On the other very legitimate hand, doing so in this case – especially the way in which it was done – was using very poor judgment in my view. A school’s right to carry out its policies does not mean they can’t use discretion when it is warranted. When it comes to victims of abuse, there is no better time to use that discretion. What was warranted here was compassion.
I do not fault the school for telling the victim that she should not have used social media to express her pain. This does not stifle her from expressing it. All it does is limit who will have access to it. No matter how much pain a victim suffers, it does not give them the right to use a shotgun approach to disseminating it to the world. There are other – far better ways to do that. Like speaking with parents; or counselors who are experienced in these issues; or a sympathetic teacher; of even a group of intimate friends.
But since I am not personally a victim, I am still loathe to criticize any victim for expressing their pain in any way they choose. As long as it does not hurt innocent people in the process. If for example she put into the public sphere torrid details of her abuse for all to read including children – how does that help her? These are the kind of details you save for the police and the courts when prosecuting the abuser. Or the kind of details you share with mental health professionals.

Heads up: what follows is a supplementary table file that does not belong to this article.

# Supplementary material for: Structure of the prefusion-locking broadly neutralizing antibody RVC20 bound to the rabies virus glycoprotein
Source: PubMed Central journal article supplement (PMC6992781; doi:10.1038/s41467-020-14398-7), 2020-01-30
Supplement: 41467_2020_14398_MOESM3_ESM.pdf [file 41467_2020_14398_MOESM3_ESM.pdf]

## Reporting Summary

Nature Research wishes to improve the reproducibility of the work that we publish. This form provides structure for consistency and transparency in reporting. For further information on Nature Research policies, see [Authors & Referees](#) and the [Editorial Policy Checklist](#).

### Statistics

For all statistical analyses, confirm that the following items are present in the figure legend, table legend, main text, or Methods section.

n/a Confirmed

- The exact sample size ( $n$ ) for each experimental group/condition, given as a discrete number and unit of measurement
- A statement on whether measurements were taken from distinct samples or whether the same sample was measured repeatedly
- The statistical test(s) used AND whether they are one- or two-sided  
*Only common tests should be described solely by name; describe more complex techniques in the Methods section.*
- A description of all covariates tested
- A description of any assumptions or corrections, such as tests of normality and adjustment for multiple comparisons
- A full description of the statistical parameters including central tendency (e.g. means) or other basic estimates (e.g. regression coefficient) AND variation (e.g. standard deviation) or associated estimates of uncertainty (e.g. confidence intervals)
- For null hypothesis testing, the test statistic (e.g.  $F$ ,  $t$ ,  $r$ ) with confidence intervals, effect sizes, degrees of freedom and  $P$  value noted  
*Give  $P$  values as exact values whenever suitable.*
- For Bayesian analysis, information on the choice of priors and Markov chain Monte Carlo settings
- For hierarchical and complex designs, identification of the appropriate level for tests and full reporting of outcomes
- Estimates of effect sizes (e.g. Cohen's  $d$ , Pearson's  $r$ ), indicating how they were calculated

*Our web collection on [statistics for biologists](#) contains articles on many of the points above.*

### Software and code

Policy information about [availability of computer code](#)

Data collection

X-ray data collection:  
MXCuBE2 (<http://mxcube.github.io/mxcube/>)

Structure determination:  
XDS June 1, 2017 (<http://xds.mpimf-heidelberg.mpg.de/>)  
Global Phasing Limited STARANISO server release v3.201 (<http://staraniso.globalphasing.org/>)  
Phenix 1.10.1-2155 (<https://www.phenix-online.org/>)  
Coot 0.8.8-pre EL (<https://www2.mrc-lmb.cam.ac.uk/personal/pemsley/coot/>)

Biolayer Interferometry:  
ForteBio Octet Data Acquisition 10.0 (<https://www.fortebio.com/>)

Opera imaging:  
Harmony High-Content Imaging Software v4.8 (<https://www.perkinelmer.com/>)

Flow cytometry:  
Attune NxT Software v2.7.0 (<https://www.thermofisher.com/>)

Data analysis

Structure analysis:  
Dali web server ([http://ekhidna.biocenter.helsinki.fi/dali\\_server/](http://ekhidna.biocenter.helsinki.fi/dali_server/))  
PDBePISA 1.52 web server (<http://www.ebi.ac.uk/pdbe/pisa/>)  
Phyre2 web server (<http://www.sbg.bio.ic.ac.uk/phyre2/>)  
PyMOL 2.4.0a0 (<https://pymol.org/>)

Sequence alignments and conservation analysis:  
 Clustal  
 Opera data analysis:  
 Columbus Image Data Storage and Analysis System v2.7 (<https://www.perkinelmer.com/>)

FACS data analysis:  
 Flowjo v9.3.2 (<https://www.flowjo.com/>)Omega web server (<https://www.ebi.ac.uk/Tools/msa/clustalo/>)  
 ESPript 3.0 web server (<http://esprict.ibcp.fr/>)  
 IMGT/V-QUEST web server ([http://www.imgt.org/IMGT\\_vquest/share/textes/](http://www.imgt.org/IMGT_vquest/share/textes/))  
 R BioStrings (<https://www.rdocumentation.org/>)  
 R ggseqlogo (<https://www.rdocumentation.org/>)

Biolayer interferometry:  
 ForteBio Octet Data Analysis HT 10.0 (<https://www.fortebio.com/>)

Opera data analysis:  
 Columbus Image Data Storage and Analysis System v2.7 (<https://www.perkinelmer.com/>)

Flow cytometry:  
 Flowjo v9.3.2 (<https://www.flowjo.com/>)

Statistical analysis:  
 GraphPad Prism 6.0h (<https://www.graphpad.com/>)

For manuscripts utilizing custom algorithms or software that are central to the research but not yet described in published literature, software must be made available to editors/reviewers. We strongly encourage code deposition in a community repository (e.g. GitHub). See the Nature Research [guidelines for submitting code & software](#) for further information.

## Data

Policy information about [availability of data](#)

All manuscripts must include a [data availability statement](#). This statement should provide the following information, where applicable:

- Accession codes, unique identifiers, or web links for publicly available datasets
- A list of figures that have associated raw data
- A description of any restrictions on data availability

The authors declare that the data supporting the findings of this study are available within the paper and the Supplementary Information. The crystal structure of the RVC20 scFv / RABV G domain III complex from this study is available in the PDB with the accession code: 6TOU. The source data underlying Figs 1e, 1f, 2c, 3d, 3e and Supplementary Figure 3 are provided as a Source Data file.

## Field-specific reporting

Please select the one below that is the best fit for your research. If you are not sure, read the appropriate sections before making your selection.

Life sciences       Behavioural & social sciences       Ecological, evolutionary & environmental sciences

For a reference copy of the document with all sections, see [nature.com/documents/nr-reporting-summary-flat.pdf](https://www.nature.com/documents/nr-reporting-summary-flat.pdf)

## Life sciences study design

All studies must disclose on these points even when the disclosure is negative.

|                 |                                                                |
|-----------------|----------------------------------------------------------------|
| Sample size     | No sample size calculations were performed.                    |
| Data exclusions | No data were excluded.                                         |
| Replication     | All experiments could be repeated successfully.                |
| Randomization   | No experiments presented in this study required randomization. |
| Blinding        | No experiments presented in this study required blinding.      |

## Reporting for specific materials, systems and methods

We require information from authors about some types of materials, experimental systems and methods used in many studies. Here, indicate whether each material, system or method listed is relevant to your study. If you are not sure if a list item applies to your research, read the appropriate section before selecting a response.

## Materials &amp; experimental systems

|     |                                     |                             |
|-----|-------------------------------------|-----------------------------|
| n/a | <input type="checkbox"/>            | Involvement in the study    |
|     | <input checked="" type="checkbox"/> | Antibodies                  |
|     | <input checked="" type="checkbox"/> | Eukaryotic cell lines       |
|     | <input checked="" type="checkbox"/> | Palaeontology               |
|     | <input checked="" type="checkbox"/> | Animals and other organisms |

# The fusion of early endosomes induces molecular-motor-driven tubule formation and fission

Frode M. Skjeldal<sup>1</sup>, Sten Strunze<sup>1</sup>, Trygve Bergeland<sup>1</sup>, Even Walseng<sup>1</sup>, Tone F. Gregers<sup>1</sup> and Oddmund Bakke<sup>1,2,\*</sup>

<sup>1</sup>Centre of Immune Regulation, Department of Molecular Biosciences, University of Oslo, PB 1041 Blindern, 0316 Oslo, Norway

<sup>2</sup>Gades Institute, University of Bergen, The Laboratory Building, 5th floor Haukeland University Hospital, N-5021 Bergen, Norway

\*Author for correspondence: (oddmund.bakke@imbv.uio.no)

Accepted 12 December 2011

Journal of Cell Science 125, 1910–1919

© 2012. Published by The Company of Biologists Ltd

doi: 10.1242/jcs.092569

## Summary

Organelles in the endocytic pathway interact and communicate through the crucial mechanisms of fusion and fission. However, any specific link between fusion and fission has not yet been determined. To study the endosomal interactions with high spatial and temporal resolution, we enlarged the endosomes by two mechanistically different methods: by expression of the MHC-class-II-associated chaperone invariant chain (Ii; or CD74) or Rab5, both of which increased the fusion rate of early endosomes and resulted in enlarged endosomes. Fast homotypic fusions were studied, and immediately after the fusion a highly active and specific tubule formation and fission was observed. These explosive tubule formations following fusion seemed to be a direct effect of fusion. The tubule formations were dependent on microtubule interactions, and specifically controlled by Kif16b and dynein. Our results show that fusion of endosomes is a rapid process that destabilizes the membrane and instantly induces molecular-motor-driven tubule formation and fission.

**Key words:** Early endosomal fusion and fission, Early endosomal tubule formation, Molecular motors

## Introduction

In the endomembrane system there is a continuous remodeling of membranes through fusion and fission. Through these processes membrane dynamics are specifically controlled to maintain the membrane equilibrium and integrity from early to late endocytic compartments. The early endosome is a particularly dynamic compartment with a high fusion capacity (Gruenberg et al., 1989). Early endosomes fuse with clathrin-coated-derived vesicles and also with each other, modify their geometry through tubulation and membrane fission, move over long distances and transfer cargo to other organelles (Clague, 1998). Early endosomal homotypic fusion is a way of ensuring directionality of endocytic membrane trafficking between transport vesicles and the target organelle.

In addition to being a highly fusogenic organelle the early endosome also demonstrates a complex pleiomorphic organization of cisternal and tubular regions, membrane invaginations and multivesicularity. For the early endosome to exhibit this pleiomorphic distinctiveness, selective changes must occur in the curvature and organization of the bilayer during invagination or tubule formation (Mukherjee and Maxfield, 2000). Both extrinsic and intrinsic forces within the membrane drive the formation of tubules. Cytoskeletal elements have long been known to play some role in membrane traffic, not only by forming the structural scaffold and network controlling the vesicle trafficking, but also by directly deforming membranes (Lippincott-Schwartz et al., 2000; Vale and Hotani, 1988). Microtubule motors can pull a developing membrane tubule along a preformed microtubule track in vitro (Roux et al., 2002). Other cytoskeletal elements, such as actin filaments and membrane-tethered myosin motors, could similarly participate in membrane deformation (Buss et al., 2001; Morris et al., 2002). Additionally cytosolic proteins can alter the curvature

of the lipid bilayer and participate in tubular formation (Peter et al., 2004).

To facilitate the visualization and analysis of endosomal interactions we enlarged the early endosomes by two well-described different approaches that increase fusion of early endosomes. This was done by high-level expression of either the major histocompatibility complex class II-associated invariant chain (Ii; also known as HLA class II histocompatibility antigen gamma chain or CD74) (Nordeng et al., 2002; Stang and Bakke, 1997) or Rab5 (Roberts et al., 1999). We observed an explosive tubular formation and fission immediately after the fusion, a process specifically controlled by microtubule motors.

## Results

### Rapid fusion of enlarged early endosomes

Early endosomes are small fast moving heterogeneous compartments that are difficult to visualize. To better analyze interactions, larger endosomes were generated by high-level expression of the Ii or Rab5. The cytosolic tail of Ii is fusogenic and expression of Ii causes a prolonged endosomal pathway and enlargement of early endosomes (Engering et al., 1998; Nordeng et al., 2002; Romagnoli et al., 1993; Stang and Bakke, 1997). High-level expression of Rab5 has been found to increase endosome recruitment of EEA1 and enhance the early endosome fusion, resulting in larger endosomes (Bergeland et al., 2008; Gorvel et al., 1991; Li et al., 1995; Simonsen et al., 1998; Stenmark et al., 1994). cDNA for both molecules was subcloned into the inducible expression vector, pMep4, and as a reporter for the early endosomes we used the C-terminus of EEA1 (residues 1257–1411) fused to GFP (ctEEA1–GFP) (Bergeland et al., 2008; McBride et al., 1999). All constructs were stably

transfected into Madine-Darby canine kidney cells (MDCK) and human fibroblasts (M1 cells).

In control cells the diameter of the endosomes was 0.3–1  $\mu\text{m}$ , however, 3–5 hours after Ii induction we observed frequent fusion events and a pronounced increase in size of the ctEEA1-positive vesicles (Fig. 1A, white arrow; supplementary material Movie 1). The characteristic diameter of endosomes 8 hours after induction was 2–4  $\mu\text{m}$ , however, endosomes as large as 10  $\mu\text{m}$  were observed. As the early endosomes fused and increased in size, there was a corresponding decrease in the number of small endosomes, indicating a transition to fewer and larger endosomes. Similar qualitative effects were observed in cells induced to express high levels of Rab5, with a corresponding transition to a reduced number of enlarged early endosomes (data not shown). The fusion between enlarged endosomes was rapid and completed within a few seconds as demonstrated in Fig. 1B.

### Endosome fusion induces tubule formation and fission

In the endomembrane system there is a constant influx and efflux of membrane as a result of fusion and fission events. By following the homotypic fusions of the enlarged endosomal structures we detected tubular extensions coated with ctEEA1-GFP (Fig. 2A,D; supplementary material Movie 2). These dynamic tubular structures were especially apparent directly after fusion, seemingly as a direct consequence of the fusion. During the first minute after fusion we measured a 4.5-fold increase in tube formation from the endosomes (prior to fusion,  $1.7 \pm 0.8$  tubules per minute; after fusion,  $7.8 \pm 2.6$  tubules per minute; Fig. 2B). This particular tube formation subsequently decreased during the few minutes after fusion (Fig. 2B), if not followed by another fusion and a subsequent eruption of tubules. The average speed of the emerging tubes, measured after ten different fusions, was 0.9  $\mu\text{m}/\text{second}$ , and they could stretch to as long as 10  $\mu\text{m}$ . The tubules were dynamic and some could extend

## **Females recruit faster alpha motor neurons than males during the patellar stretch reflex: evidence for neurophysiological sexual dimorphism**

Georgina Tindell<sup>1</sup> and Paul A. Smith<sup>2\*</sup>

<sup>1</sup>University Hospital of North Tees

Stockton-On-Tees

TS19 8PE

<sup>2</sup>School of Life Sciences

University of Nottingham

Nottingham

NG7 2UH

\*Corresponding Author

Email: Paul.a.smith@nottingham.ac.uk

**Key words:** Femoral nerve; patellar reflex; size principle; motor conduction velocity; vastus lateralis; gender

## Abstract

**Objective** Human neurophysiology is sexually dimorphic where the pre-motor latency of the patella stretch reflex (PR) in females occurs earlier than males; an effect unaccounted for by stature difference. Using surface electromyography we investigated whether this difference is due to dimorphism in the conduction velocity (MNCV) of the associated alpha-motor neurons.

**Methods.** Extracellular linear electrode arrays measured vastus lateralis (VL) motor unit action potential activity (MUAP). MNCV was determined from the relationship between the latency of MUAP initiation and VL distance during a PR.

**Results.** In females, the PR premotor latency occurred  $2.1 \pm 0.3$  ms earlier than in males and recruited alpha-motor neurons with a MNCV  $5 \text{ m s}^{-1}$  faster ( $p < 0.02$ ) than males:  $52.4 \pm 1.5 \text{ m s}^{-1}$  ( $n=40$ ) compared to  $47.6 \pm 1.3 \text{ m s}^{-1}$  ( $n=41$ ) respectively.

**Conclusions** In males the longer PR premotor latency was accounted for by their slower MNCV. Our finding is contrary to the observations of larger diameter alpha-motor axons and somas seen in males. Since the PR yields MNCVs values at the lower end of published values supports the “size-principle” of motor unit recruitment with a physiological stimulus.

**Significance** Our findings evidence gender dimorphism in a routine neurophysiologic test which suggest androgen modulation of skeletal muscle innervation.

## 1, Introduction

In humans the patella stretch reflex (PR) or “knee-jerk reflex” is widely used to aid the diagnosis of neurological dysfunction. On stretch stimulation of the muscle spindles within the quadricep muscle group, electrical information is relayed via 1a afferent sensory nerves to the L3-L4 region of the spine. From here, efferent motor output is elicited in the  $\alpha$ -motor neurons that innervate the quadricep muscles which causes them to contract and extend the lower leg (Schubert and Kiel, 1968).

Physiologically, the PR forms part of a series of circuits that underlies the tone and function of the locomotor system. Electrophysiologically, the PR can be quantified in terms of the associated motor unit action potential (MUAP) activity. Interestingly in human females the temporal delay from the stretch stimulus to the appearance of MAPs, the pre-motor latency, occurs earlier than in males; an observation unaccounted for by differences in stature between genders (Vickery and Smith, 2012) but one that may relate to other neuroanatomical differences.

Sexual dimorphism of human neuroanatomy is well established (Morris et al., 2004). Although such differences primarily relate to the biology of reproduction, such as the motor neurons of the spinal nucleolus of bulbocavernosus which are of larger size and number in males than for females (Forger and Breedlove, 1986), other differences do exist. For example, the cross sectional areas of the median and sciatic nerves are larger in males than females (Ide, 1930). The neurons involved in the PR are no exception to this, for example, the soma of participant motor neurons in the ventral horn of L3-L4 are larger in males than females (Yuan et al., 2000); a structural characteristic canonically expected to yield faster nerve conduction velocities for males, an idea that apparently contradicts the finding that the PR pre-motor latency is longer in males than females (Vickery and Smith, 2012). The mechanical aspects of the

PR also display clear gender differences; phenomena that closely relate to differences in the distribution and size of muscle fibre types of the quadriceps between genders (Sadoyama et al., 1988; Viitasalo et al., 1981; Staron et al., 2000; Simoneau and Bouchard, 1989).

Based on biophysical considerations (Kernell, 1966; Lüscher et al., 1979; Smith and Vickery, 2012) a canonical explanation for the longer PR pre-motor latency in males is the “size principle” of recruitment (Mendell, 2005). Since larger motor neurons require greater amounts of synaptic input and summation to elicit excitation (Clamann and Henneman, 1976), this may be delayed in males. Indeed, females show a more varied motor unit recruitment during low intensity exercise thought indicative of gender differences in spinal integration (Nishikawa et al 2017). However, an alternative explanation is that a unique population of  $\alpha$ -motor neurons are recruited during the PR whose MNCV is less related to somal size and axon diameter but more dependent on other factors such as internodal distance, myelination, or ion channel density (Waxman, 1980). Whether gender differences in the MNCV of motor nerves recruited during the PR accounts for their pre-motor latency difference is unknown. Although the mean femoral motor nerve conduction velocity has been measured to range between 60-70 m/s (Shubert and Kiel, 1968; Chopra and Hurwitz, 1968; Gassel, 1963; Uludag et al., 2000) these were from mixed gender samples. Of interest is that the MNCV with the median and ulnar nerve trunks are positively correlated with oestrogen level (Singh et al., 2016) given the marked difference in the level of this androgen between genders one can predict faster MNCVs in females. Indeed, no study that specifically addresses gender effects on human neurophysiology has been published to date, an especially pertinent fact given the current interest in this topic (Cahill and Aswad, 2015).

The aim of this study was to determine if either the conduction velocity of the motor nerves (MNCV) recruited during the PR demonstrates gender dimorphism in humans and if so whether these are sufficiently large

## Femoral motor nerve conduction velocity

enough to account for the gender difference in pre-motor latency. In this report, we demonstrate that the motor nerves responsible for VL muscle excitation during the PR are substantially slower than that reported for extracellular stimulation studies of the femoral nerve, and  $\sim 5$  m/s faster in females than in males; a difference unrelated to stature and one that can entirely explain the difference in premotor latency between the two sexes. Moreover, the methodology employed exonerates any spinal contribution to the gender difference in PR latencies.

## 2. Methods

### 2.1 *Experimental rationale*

All of these issues can be resolved with compassion and sympathy in my view. That was the real problem here. It was not so much what they were asking her to do, but they way in which they asked her to do it.
I can understand why the reaction by the school was so harsh. But in my view the school’s reaction was still inappropriate. When it comes to victims of abuse the overriding approach should be one of compassion and understanding. The school could have accomplished its goals without seeming to be so insensitive.
That said, I would in no way call for any disciplinary actions against any of the officials in the school. They are all good people. The only thing I would ask is that an apology to the student be issued for the insensitive remarks made to to her. Furthermore – although I think the school is within their rights to ask the student to refrain from using social media to express her pain while enrolled at the school, I would urge them not to pursue any sanctions against her for doing it.
Unless the officials themselves or one of their own children were sexually abused – no one there knows what she went through – or what she is still going through. Compassion dictates that sometimes one must look the other way.
But at the same time I reject the slash and burn attitude I so often see expressed by some victims advocates. This attitude helps no one.
Visit Emes Ve-Emunah, where this blog was originally published under the title, “A Sex Abuse Victim’s Challenge on Facebook,” March 1, 2013.
About the Author: Harry Maryles runs the blog "Emes Ve-Emunah" which focuses on current events and issues that effect the Jewish world in general and Orthodoxy in particular. It discuses Hashkafa and news events of the day - from a Centrist perspctive and a philosphy of Torah U'Mada. He can be reached at email@example.com.The author's opinion does not necessarily reflect the opinion of The Jewish Press.